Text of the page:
The element of Vikings I’ve come to appreciate more and more is the series’ elastic portrayal of time. The driving force of the show is the story of Ragnar Lothbrok certainly, but that story’s telling is not nearly as straightforward. When the show began, I often took its narrative jumps for choppiness, but as the season has gone on, each episode has exhibited a unique flair for slowing down or speeding up to just the right pace to convey what’s important.
I’ve made much of the series’ welcome briskness. It’s a pleasure to watch a show which seems to trust me to catch up when it wants to arrive at the next necessary point, and to trust me to follow it into a more contemplative sequence which is in its own way just as vital. It’s like following Ragnar Lothbrok’s tale on an axis: We may think we know where this first season is heading, but the journey, in Michael Hirst’s hands, keeps us off guard, swooping us ahead before we expect it, and then camping out where we’ve landed for longer than we imagined. Again, it’s very welcome.
Take for example tonight’s episode “Sacrifice.” At the end of the thrilling last episode, Ragnar has mopped the Northumbrian fields with King Aelle’s soldiers and set home with what looks to be the better part of the king’s treasury, while Lagertha, shockingly, has miscarried the son who’s imminent arrival she and Ragnar had been so joyful over.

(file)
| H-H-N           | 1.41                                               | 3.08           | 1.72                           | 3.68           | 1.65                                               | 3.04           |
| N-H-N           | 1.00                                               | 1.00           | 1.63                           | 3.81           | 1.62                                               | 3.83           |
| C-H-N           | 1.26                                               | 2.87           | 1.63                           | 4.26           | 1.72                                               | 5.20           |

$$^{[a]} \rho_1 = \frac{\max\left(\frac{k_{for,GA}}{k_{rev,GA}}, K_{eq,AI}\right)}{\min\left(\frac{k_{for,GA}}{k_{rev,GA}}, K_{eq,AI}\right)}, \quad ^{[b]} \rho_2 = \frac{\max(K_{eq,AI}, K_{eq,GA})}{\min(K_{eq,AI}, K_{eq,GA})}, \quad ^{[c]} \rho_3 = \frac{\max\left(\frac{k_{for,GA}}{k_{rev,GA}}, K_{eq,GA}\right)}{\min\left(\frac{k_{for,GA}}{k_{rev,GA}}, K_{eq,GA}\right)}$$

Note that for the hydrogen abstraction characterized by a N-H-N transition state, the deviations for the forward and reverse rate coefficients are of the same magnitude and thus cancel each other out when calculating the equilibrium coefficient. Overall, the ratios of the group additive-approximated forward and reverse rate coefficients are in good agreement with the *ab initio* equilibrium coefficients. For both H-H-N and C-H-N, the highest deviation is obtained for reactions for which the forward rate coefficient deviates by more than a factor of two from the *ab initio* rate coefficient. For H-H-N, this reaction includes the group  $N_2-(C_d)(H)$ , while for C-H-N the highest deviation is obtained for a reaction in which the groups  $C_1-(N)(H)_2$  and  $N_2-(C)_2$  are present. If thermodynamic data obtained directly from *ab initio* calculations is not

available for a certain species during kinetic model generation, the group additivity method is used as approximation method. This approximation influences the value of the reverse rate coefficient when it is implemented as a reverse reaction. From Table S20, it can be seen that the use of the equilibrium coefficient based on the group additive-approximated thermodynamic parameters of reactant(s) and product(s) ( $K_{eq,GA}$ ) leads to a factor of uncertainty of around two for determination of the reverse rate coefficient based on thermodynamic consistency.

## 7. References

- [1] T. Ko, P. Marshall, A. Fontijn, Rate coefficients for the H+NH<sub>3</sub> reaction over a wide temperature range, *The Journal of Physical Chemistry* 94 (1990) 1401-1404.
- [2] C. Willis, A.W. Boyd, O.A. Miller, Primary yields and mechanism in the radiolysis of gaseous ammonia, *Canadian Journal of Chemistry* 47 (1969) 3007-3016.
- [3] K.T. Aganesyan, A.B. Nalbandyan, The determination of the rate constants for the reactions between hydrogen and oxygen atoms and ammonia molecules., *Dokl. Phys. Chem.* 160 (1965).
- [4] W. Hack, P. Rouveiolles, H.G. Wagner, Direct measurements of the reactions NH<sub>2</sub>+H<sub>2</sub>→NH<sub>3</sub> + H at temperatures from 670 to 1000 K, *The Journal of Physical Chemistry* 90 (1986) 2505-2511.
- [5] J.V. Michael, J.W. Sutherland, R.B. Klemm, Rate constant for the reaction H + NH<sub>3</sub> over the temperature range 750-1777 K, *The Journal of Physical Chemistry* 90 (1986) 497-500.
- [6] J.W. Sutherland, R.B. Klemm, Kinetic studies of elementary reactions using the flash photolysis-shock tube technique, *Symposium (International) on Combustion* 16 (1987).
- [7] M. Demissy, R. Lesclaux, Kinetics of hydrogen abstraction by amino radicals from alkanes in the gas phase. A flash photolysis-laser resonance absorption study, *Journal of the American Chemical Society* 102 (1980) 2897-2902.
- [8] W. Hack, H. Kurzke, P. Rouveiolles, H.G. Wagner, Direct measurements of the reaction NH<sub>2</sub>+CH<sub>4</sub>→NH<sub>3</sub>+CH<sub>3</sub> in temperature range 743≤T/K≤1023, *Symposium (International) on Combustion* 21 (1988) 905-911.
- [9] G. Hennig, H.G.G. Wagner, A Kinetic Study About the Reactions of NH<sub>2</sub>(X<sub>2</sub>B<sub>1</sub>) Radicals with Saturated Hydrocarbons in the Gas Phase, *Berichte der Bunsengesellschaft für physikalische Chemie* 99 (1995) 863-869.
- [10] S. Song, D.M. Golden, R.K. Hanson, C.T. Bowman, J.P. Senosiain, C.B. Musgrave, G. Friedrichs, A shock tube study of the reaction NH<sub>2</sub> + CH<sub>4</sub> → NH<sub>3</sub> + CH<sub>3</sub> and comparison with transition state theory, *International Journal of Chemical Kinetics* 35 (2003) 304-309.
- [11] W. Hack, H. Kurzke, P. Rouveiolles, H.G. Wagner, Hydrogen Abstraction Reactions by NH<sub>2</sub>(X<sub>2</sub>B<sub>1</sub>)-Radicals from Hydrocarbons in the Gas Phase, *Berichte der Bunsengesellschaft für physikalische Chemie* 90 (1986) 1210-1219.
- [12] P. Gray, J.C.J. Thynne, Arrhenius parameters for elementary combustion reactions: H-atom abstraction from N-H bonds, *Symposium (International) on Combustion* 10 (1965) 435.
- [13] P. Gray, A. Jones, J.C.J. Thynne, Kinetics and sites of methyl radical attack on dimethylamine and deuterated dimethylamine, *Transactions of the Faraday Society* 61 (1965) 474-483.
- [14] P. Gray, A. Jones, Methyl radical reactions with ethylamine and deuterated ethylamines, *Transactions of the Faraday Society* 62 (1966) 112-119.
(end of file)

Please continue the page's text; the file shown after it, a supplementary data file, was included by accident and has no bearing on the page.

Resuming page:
As “Sacrifice” begins, Ragnar’s already home, Lagertha’s up and resuming her duties as Jarl’s wife, and the the Lothbrok clan is preparing for its pilgrimage to the holy site of Uppsala to make sacrifices to the gods. There’s no explanation, no rumination (that, Vikings’ seems to say, is what the “last week on Vikings” is for). What we get instead, is the refreshing challenge of piecing together how the past affects the present by observing how the characters act as they move forward. It may seem a simple concept, but this streamlined combination of character development with action makes me impossibly thankful. It fits the characters, it fits their world, and it makes for exciting, vibrant storytelling. Even when the episode contains nary a battle scene and essentially spends its entire time camped out in the woods.
Uppsala is where Ragnar and his people go every nine years show devotion to their gods through a series of sacrifices, and, as the episode begins, the grieving Ragnar asks captive priest Athelstan to come along. The relationship between these two very different men has often presented the core of Vikings’ drama, with Athelstan’s outsider status serving as our eyes into this alien culture, and into Ragnar. And here again, their interaction keeps the priest, and the viewers off guard as Ragnar on the one hand speaks to his slave like an advisor, while on the other, his perpetual air of bemused, enigmatic menace asserts their vastly different stations.
Travis Fimmel and George Bladgen excel in these scenes, and it’s a good thing, too, since “Sacrifice” pays off their story in surprisingly subtle ways as the episode goes on. (Ragnar seems genuinely interested in knowing “what Christians do about such pain,” and genuinely disappointed in Athelstan’s biblical “all things must pass” platitudes. The fact that Athelstan himself seems to find his words inadequate here speaks to how far he’s come.) When Ragnar asks the priest to accompany his family to Uppsala, he seems genuinely pleased when Athelstan accepts-before smilingly revealing that he would have made him come anyway. It’s a tribute to how successfully the show and these actors have sold this fascinatingly ambiguous relationship that it is able to carry the load of what gradually becomes all too apparent.